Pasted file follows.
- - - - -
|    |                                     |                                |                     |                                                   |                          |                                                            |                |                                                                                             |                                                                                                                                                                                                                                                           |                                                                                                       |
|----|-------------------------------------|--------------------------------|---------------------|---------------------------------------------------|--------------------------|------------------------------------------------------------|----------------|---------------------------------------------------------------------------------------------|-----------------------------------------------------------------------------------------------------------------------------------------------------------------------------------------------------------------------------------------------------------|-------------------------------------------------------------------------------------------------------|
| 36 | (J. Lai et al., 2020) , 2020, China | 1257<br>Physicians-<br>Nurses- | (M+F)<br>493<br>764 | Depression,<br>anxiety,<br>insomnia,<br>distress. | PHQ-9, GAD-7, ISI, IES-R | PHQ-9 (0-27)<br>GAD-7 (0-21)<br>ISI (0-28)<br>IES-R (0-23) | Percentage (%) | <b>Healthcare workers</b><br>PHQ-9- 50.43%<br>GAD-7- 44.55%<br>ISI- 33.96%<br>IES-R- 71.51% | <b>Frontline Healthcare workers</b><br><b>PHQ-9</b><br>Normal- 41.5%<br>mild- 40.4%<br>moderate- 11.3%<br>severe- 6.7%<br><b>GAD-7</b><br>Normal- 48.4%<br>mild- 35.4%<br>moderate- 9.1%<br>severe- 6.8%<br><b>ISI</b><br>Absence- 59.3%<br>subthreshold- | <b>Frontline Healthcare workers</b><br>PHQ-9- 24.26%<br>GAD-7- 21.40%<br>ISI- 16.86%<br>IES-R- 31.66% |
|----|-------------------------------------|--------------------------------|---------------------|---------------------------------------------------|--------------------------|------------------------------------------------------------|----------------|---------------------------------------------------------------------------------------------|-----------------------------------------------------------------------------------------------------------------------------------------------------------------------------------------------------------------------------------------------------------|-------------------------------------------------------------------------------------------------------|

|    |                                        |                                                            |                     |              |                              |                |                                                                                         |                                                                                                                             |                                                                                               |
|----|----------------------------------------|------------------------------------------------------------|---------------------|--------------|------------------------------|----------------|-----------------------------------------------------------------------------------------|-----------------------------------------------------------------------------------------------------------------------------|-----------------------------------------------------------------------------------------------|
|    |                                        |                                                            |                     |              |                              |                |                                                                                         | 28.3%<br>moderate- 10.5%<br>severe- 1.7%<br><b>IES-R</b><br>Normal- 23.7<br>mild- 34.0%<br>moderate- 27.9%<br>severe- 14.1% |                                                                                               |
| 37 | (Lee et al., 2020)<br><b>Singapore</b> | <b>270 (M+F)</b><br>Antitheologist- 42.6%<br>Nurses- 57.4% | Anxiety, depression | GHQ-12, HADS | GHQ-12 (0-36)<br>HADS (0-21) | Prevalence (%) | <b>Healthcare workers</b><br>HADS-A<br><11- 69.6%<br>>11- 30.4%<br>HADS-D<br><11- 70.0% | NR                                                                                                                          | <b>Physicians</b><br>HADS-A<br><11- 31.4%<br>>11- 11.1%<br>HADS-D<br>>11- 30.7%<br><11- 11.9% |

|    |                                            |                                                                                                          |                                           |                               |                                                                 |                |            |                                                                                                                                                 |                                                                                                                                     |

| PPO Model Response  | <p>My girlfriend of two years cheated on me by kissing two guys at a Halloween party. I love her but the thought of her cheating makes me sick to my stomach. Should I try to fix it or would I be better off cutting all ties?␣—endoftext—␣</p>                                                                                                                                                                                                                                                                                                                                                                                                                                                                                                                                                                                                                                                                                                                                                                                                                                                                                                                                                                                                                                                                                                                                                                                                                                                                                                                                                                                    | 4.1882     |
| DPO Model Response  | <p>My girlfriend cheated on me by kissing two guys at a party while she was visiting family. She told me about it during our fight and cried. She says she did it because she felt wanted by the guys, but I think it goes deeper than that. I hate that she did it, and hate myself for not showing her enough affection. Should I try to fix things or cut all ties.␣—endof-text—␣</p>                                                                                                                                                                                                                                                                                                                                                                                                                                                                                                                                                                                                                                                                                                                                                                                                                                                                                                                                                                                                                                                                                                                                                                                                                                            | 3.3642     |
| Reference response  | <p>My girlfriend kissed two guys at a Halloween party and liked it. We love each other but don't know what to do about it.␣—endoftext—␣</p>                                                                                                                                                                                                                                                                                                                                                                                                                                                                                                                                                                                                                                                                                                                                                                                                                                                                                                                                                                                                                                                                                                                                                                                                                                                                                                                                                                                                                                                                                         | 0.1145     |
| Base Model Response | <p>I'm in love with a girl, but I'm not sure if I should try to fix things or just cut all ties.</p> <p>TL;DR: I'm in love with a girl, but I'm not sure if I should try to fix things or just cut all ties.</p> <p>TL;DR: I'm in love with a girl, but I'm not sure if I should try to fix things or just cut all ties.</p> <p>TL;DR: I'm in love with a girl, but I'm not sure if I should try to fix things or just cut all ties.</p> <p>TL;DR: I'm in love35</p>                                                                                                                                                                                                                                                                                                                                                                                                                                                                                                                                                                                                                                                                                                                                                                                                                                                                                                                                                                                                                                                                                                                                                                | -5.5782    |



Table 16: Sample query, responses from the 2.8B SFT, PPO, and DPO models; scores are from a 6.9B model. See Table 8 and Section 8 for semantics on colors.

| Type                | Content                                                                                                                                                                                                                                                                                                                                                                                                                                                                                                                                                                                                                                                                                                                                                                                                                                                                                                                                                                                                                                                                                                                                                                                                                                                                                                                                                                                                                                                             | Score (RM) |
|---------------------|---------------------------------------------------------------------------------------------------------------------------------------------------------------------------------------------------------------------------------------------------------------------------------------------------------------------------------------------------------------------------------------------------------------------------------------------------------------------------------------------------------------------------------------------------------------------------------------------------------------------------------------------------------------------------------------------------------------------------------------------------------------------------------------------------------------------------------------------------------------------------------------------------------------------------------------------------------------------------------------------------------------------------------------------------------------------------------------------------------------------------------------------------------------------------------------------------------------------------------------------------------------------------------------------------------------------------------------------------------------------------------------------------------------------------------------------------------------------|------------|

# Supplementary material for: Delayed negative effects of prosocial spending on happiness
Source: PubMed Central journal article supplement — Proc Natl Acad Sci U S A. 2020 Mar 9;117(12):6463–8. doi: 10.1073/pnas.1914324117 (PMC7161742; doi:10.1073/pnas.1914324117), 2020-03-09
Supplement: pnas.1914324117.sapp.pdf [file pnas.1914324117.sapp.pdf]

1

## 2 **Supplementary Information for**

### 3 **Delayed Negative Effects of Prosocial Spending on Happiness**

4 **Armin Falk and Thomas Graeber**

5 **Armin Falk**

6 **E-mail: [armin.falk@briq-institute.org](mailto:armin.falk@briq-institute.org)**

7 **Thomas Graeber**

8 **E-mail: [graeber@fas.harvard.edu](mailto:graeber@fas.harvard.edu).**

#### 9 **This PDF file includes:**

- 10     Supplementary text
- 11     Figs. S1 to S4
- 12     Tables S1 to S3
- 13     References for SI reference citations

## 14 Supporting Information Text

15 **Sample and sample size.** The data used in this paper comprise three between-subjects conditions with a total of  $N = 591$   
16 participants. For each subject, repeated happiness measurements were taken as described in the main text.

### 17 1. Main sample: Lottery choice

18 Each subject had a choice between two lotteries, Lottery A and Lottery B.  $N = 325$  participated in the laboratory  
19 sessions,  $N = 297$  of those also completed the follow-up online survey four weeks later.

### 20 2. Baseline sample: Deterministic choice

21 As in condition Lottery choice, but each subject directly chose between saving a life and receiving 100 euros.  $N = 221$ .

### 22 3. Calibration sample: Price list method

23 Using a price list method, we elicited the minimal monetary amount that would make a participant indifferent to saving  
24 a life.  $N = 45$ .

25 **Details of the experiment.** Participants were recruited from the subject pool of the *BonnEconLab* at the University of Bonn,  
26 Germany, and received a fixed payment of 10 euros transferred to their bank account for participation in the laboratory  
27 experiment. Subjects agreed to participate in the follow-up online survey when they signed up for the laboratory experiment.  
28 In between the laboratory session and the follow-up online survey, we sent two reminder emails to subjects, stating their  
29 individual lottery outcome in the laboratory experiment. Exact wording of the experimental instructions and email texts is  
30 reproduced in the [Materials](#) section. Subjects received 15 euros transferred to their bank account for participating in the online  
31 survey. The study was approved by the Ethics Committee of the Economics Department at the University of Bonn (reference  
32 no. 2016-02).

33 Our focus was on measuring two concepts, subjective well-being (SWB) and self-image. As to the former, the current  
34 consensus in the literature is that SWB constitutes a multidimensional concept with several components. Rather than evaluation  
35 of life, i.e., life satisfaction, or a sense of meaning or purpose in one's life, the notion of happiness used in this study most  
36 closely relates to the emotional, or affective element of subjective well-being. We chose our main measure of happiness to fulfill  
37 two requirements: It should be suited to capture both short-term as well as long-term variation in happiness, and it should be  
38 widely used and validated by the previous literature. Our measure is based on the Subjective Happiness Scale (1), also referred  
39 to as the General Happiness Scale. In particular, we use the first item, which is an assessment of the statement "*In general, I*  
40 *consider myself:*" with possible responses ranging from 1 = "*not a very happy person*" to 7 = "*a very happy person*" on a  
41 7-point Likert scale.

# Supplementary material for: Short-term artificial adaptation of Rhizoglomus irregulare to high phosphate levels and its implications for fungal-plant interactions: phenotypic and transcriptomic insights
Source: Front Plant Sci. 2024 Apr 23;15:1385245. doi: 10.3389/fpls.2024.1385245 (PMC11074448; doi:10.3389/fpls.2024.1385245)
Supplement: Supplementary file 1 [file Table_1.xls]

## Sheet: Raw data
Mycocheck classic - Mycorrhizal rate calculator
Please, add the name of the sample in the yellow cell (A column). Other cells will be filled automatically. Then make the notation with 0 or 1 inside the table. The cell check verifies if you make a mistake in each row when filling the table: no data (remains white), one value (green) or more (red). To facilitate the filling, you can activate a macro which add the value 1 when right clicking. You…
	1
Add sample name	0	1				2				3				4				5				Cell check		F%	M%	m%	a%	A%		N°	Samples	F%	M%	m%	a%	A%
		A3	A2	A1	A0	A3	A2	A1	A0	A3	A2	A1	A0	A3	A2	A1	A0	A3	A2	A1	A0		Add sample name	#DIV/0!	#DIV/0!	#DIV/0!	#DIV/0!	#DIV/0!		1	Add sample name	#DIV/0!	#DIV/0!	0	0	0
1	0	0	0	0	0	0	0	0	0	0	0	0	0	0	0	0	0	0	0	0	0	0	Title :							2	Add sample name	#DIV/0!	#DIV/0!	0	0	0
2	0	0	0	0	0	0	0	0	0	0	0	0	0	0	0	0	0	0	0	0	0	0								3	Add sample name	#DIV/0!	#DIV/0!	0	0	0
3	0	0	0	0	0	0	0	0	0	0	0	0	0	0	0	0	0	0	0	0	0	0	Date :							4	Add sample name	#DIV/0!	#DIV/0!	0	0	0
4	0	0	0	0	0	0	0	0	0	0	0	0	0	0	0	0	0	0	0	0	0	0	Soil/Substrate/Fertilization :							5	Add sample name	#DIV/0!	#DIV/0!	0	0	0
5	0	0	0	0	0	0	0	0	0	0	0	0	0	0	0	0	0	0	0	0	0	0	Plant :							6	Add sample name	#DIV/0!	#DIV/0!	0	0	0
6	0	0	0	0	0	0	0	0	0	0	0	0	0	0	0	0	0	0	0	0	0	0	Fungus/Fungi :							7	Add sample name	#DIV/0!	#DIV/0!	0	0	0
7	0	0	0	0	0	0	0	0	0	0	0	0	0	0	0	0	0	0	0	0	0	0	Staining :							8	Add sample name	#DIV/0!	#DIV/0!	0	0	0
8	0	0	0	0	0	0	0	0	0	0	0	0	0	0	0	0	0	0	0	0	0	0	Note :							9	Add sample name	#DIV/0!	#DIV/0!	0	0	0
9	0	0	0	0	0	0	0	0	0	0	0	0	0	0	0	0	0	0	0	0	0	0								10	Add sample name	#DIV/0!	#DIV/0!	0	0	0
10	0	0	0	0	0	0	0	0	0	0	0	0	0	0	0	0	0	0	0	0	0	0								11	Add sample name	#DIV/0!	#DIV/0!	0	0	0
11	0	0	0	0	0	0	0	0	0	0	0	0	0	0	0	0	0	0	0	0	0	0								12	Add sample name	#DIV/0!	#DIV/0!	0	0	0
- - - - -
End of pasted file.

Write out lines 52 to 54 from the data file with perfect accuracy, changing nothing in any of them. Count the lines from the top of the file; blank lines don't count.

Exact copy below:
33 Our focus was on measuring two concepts, subjective well-being (SWB) and self-image. As to the former, the current  
34 consensus in the literature is that SWB constitutes a multidimensional concept with several components. Rather than evaluation  
35 of life, i.e., life satisfaction, or a sense of meaning or purpose in one's life, the notion of happiness used in this study most  